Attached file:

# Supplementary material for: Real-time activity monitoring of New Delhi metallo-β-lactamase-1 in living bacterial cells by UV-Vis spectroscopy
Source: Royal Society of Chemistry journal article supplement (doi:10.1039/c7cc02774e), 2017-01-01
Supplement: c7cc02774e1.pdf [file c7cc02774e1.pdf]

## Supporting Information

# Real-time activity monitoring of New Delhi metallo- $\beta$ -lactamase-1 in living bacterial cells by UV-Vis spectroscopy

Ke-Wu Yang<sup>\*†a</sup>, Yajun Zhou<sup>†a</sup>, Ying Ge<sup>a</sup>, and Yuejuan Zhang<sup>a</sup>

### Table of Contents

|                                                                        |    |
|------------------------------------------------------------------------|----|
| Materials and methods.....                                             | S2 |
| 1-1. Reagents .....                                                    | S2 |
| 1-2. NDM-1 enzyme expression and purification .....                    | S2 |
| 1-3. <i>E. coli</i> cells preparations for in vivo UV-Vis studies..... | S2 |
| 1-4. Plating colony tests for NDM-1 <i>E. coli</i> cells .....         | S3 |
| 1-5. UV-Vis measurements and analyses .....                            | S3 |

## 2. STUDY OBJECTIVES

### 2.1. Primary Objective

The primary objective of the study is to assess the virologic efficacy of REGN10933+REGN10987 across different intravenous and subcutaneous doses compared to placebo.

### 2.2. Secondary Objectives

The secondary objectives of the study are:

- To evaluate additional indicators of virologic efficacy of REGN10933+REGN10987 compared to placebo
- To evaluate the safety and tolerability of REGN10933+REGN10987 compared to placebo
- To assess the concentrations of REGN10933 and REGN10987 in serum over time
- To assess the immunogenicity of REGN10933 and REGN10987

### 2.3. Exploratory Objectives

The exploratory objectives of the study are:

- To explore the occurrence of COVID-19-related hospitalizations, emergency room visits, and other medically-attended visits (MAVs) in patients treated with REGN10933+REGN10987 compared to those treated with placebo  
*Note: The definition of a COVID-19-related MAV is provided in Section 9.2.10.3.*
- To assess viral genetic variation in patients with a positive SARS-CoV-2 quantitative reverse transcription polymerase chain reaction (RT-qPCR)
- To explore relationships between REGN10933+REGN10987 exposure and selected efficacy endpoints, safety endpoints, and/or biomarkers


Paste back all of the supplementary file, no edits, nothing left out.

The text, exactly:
# Supplementary material for: Real-time activity monitoring of New Delhi metallo-β-lactamase-1 in living bacterial cells by UV-Vis spectroscopy
Source: Royal Society of Chemistry journal article supplement (doi:10.1039/c7cc02774e), 2017-01-01
Supplement: c7cc02774e1.pdf [file c7cc02774e1.pdf]

## Supporting Information

# Real-time activity monitoring of New Delhi metallo- $\beta$ -lactamase-1 in living bacterial cells by UV-Vis spectroscopy

Ke-Wu Yang<sup>\*†a</sup>, Yajun Zhou<sup>†a</sup>, Ying Ge<sup>a</sup>, and Yuejuan Zhang<sup>a</sup>

### Table of Contents

|                                                                        |    |
|------------------------------------------------------------------------|----|
| Materials and methods.....                                             | S2 |
| 1-1. Reagents .....                                                    | S2 |
| 1-2. NDM-1 enzyme expression and purification .....                    | S2 |
| 1-3. <i>E. coli</i> cells preparations for in vivo UV-Vis studies..... | S2 |
| 1-4. Plating colony tests for NDM-1 <i>E. coli</i> cells .....         | S3 |
| 1-5. UV-Vis measurements and analyses .....                            | S3 |

## 2. STUDY OBJECTIVES

### 2.1. Primary Objective

The primary objective of the study is to assess the virologic efficacy of REGN10933+REGN10987 across different intravenous and subcutaneous doses compared to placebo.

### 2.2. Secondary Objectives

The secondary objectives of the study are:

- To evaluate additional indicators of virologic efficacy of REGN10933+REGN10987 compared to placebo
- To evaluate the safety and tolerability of REGN10933+REGN10987 compared to placebo
- To assess the concentrations of REGN10933 and REGN10987 in serum over time
- To assess the immunogenicity of REGN10933 and REGN10987

### 2.3. Exploratory Objectives

The exploratory objectives of the study are:

- To explore the occurrence of COVID-19-related hospitalizations, emergency room visits, and other medically-attended visits (MAVs) in patients treated with REGN10933+REGN10987 compared to those treated with placebo  
*Note: The definition of a COVID-19-related MAV is provided in Section 9.2.10.3.*
- To assess viral genetic variation in patients with a positive SARS-CoV-2 quantitative reverse transcription polymerase chain reaction (RT-qPCR)
- To explore relationships between REGN10933+REGN10987 exposure and selected efficacy endpoints, safety endpoints, and/or biomarkers